by Jorge Gomez • 6 min read
If you love to discuss (and to defend) the U.S. Constitution, it’s not uncommon to find yourself in a conversation or debate with others who claim that our nation’s founding charter of government is a “secular” document.
While it’s true that America’s government is not a theocracy, it’s historically inaccurate and inconsistent to argue that the Founders never intended government and religion to mix.
In this second edition of our “A Secular Constitution?” series, we’ll explore three reasons why America’s Constitution is not (and should not) be a secular document.
God or Government: Who Grants Our Rights?
As America’s Founders intended, the Constitution is not a secular document. To claim that it is secular is to ignore centuries of historical evidence and would require the denial of one of the most quintessential ideas that have made the Constitution so exceptional and enduring: That our rights and freedoms come from God, not government.
Nowhere is this better explained than in the Declaration of Independence (1776), as Thomas Jefferson eloquently phrased it:
“We hold these Truths to be self-evident, that all Men are created equal, that they are endowed by their Creator with certain unalienable Rights, that among these are Life, Liberty, and the Pursuit of Happiness….”
A precursor to the Constitution, the Declaration of Independence was the building block for the Constitution’s ratification only a couple decades later—including the urgent demand to create a Bill of Rights listing the rights given to people by their Creator that government could not infringe upon. The God-given rights acknowledged in the Declaration of Independence would be protected by the Constitution in our society and political system.
Underpinning the Constitution is a transcendent idea of a divine grantor of rights, beyond the power of government and of man—which means it cannot be considered wholly secular.
History and Tradition: Religious Expression Common in American Governance
If America’s Constitution is secular…why are religious traditions and expressions of faith so common and abundant, including in our nation’s governmental institutions?
From America’s inception to present, faith constantly appears in all forms and sectors of our public institutions: George Washington petitioned the Continental Congress to establish (and use government money to pay) the US Army Chaplain Corps, opening every session of Congress since 1789 with an invocation, having daily prayers aboard U.S. Navy vessels, displaying the face of Moses and the Ten Commandments inside the U.S. Supreme Court, or adopting “In God We Trust” as our national motto and minting it on our currency.
Under a full-blown, secular constitution, it would be nearly impossible to accommodate and tolerate these forms of religious expression on government property or by government officials.
Again, we must emphasize that the Founders considered the free exercise of religion to be a positive force, necessary the flourishing of the republic. It was not their intent to use the Constitution to erase religion from the public square.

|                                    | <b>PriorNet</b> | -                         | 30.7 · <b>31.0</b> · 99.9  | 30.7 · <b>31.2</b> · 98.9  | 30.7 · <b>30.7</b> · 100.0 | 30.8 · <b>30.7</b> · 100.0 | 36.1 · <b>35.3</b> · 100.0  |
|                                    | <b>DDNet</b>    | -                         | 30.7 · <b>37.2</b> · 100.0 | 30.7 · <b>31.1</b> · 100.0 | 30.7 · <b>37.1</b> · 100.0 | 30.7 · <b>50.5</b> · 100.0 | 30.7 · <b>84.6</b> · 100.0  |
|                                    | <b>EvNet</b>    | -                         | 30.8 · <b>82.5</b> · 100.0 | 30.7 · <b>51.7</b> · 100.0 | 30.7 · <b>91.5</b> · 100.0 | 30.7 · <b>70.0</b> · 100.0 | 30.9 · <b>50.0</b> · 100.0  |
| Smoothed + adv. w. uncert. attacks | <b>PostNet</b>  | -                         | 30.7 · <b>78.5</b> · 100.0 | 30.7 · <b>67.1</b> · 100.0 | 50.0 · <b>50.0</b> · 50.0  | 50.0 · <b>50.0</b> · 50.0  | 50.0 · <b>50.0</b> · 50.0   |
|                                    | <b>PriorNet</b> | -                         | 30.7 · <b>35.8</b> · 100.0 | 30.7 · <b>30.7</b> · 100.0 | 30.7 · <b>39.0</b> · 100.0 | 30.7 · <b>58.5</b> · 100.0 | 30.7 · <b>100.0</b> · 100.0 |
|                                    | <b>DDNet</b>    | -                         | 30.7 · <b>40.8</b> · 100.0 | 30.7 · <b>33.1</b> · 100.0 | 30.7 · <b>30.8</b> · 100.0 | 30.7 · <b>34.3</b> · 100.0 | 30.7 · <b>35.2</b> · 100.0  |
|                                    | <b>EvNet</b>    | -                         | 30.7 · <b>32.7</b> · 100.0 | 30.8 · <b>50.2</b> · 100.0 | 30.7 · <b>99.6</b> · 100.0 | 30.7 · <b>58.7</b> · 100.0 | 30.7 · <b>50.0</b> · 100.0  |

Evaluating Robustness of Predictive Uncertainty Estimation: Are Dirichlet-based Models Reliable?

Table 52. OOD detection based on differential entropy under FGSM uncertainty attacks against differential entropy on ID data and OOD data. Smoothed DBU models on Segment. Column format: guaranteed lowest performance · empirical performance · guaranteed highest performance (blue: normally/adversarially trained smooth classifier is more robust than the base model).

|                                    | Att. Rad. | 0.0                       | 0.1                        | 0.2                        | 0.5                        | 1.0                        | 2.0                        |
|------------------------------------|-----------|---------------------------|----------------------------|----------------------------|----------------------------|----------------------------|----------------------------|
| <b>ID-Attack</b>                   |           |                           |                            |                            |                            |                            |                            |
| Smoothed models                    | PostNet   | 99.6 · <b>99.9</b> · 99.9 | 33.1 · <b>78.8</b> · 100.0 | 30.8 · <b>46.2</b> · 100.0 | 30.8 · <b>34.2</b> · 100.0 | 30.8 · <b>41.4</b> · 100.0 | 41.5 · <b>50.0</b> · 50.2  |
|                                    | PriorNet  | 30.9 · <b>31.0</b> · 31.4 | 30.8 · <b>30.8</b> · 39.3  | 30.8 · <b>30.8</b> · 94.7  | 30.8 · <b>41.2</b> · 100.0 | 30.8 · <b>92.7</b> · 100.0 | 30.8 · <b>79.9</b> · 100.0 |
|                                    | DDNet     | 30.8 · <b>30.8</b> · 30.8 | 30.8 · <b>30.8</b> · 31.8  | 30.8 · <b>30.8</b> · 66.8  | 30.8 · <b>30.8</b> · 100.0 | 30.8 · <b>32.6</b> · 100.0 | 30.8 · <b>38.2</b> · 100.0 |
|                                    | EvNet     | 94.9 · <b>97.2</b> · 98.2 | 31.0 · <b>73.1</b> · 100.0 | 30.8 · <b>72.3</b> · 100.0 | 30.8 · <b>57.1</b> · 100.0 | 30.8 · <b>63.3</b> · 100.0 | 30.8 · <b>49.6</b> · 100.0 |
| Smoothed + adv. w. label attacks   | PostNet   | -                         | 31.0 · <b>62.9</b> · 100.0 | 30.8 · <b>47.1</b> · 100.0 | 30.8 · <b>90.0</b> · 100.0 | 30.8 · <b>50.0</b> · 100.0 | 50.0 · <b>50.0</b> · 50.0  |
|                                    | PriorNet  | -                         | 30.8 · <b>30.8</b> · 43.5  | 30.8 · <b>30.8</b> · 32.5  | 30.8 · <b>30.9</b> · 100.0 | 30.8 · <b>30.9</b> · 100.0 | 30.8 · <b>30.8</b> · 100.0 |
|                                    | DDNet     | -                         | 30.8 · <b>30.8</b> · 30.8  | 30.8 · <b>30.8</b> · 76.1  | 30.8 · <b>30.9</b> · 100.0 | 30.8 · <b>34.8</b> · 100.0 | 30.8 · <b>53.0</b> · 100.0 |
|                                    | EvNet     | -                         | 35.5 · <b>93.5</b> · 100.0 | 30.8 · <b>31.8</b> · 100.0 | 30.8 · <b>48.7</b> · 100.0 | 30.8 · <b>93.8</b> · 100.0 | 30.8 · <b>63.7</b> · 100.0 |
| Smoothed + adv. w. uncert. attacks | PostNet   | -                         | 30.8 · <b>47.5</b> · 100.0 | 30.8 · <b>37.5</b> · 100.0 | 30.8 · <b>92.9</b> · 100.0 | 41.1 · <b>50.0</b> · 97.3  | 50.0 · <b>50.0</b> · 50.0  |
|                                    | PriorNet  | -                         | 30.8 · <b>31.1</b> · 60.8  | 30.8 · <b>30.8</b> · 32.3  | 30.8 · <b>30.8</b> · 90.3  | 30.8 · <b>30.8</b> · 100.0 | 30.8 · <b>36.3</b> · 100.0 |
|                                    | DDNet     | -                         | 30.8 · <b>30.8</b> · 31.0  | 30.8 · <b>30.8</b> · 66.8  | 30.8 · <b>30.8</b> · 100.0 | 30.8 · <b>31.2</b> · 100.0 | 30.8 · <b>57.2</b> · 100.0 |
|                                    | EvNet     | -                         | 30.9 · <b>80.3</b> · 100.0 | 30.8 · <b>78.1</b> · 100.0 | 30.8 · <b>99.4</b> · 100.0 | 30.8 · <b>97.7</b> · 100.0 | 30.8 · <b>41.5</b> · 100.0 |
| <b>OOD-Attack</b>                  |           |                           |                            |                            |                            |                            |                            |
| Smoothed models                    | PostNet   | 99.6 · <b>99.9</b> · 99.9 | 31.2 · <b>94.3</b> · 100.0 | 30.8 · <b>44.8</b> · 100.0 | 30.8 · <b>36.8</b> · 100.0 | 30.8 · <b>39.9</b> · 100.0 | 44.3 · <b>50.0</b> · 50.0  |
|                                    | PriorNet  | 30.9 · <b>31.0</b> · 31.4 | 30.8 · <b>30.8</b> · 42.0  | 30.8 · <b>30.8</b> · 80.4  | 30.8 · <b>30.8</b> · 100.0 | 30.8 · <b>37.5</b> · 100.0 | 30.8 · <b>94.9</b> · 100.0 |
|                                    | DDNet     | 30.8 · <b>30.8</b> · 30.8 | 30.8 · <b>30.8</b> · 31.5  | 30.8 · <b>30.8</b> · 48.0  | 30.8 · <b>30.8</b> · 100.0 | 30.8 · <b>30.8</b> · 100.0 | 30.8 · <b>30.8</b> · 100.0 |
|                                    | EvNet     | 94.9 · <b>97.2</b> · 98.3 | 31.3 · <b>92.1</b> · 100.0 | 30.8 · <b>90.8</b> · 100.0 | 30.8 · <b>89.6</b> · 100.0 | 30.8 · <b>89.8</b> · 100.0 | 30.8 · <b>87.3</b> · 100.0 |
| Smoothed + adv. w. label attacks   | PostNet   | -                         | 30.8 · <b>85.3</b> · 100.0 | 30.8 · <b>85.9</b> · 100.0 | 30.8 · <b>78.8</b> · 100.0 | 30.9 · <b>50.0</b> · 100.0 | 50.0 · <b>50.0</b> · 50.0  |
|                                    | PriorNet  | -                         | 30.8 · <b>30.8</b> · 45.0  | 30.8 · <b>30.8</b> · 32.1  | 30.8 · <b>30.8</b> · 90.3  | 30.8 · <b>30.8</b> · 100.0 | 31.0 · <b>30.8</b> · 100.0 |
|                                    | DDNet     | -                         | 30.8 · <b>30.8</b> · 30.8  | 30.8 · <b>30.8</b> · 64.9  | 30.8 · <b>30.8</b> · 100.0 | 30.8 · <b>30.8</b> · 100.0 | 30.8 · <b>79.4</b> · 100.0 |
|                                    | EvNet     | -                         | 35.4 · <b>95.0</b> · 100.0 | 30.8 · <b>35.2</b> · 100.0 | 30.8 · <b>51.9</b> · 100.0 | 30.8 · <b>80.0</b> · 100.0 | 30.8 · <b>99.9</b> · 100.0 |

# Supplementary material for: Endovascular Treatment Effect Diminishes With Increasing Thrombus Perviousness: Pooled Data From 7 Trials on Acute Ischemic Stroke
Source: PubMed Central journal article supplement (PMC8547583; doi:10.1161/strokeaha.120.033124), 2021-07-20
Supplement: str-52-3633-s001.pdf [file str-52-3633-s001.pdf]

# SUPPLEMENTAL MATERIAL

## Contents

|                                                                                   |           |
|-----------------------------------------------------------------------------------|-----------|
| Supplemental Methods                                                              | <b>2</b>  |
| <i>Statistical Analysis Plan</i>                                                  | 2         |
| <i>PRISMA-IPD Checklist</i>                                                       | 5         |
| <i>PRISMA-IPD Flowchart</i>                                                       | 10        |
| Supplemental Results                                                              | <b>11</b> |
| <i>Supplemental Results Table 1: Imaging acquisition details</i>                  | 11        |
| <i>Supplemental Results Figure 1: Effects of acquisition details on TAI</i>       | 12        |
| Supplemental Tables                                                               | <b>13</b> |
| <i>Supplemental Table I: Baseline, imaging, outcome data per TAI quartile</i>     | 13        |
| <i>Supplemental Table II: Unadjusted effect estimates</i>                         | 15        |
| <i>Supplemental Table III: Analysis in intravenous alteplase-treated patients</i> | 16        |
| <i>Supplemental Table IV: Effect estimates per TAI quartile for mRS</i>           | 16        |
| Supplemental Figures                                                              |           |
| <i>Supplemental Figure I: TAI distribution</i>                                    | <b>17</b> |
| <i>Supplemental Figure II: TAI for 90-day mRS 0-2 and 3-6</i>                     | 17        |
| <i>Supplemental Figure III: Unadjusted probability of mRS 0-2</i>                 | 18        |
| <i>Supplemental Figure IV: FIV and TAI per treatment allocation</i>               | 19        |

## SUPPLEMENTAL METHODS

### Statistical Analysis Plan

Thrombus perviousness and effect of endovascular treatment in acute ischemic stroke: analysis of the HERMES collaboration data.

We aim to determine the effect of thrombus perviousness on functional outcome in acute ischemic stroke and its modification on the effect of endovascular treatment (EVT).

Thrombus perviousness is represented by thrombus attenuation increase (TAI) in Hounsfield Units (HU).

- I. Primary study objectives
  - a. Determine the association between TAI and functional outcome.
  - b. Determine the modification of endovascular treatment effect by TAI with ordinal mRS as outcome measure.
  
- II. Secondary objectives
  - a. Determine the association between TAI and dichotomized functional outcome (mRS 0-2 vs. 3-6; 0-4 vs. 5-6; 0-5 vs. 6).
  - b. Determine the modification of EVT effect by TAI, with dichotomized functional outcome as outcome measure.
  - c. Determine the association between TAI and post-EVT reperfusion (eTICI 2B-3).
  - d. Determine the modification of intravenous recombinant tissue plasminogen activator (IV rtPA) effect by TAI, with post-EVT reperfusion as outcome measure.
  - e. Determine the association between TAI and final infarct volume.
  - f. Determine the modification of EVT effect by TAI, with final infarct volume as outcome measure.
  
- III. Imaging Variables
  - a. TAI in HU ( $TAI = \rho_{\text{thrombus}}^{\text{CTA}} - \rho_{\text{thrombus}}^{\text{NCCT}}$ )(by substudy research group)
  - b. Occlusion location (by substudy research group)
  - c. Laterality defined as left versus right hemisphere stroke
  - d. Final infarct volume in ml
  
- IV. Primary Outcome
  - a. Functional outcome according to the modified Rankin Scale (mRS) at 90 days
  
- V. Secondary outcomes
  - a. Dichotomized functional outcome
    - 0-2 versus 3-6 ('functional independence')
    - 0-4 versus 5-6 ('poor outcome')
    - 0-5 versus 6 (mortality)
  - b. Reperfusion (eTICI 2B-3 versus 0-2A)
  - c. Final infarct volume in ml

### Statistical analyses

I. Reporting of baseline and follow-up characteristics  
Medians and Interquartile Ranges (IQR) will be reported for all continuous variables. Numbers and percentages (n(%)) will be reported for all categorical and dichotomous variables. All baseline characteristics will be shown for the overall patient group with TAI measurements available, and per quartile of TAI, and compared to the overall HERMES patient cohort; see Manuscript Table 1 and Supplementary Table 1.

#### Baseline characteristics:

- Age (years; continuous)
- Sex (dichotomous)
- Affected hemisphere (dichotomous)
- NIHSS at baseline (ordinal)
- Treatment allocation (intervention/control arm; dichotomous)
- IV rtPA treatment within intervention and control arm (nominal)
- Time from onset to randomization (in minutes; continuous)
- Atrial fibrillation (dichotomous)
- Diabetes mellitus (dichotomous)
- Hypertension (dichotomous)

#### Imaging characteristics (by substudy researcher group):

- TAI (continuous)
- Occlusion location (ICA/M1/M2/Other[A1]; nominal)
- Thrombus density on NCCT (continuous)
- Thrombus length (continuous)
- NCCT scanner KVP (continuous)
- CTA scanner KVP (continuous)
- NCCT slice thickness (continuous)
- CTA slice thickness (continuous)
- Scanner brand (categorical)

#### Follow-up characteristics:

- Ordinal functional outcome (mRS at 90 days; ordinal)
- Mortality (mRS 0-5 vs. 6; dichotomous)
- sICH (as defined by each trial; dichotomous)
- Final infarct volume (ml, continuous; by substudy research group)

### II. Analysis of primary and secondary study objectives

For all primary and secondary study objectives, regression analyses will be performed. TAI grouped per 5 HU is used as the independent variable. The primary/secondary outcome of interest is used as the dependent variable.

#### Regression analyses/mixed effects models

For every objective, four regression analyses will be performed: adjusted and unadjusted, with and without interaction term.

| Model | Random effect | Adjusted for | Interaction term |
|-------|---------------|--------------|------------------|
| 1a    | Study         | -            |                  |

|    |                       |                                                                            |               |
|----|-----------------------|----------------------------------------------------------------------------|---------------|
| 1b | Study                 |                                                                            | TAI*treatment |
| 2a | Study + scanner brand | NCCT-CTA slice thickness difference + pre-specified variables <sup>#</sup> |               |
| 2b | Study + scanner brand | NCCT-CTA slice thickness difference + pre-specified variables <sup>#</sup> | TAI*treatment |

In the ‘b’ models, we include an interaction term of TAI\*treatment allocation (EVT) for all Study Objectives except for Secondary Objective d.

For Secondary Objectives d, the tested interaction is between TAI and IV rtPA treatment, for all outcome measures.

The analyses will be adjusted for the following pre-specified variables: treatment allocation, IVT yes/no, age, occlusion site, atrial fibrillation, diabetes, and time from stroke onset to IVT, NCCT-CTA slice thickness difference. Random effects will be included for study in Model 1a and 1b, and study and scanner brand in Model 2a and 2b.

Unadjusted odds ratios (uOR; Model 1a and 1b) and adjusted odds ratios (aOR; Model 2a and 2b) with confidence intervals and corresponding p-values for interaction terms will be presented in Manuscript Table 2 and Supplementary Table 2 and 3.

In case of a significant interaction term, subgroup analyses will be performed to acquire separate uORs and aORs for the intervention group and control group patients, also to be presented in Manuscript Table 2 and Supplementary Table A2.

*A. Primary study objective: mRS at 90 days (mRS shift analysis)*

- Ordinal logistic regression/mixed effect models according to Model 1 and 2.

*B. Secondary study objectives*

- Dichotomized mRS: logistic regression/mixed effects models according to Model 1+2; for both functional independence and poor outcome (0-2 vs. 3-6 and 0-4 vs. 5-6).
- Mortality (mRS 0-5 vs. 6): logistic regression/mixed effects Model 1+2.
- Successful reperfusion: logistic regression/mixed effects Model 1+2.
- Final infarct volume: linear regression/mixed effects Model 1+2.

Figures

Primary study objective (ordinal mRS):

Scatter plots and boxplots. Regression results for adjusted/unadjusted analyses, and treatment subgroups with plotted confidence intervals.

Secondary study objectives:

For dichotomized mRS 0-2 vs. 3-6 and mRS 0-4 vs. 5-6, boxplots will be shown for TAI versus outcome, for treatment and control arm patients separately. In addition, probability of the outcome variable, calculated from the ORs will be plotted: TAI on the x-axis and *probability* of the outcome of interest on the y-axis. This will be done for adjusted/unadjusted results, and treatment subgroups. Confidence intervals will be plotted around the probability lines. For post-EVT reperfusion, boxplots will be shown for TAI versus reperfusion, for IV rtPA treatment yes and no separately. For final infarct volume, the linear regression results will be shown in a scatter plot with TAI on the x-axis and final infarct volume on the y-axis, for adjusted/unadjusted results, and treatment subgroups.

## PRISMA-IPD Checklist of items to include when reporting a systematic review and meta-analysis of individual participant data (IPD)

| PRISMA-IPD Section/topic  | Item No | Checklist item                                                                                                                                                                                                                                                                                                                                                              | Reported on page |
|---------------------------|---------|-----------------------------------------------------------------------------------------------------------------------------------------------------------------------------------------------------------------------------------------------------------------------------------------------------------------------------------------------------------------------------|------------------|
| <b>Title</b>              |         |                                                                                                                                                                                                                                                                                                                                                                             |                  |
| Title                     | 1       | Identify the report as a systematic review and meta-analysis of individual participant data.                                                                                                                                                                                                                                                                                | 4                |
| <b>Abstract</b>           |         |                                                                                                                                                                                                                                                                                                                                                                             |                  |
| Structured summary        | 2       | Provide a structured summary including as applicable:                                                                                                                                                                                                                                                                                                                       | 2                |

Learning from Example: The Soviet Union and Cuba’s Secular Constitutions
What does it mean to have a “secular” constitution? Let’s consider the example of two countries.
Article 52 of the now-defunct Soviet Union’s (USSR) constitution strictly and rigidly separated church from state, making its secular nature clear:
“In the USSR, the church is separated from the state, and the school from the church.”
(Important note: The phrase “separation of church and state” does not appear anywhere in the text of the American Constitution).
Not too far from America’s shores, the Cuban Constitution clearly declares the country is a secular state, provides for the separation of religious institutions and the state, and explicitly places the Communist Party above religious freedom as “the superior leading force of the society and the State.”
Why the urgent need to cement in writing the complete separation of government from religion?
Because in communist and totalitarian regimes the state must be supreme, above houses of worship, social institutions and above the natural rights of the individual. What’s more, knowing that religious communities have successfully led millions of people to speak up and stand against abuses of power, a secular constitution is necessary in order to crush any opposition of the state.
In the case of the former USSR, historians have extensively documented that from its very start, “Soviet Communism devastated religious life in the USSR. The Bolsheviks destroyed religious institutions, nationalized religious property, uprooted religious communities, and confined religious life.”
Proponents of making America’s Constitution wholly secular would be well served by remembering an old adage from Winston Churchill: “Those that fail to learn from history are doomed to repeat it.”
Today, we’d be wise to heed Churchill’s advice. To learn not only from our own history, but from the history of other nations, that secularizing the Constitution could lead down a dangerous path and possibly the destruction of our beautiful and truly exceptional Republic.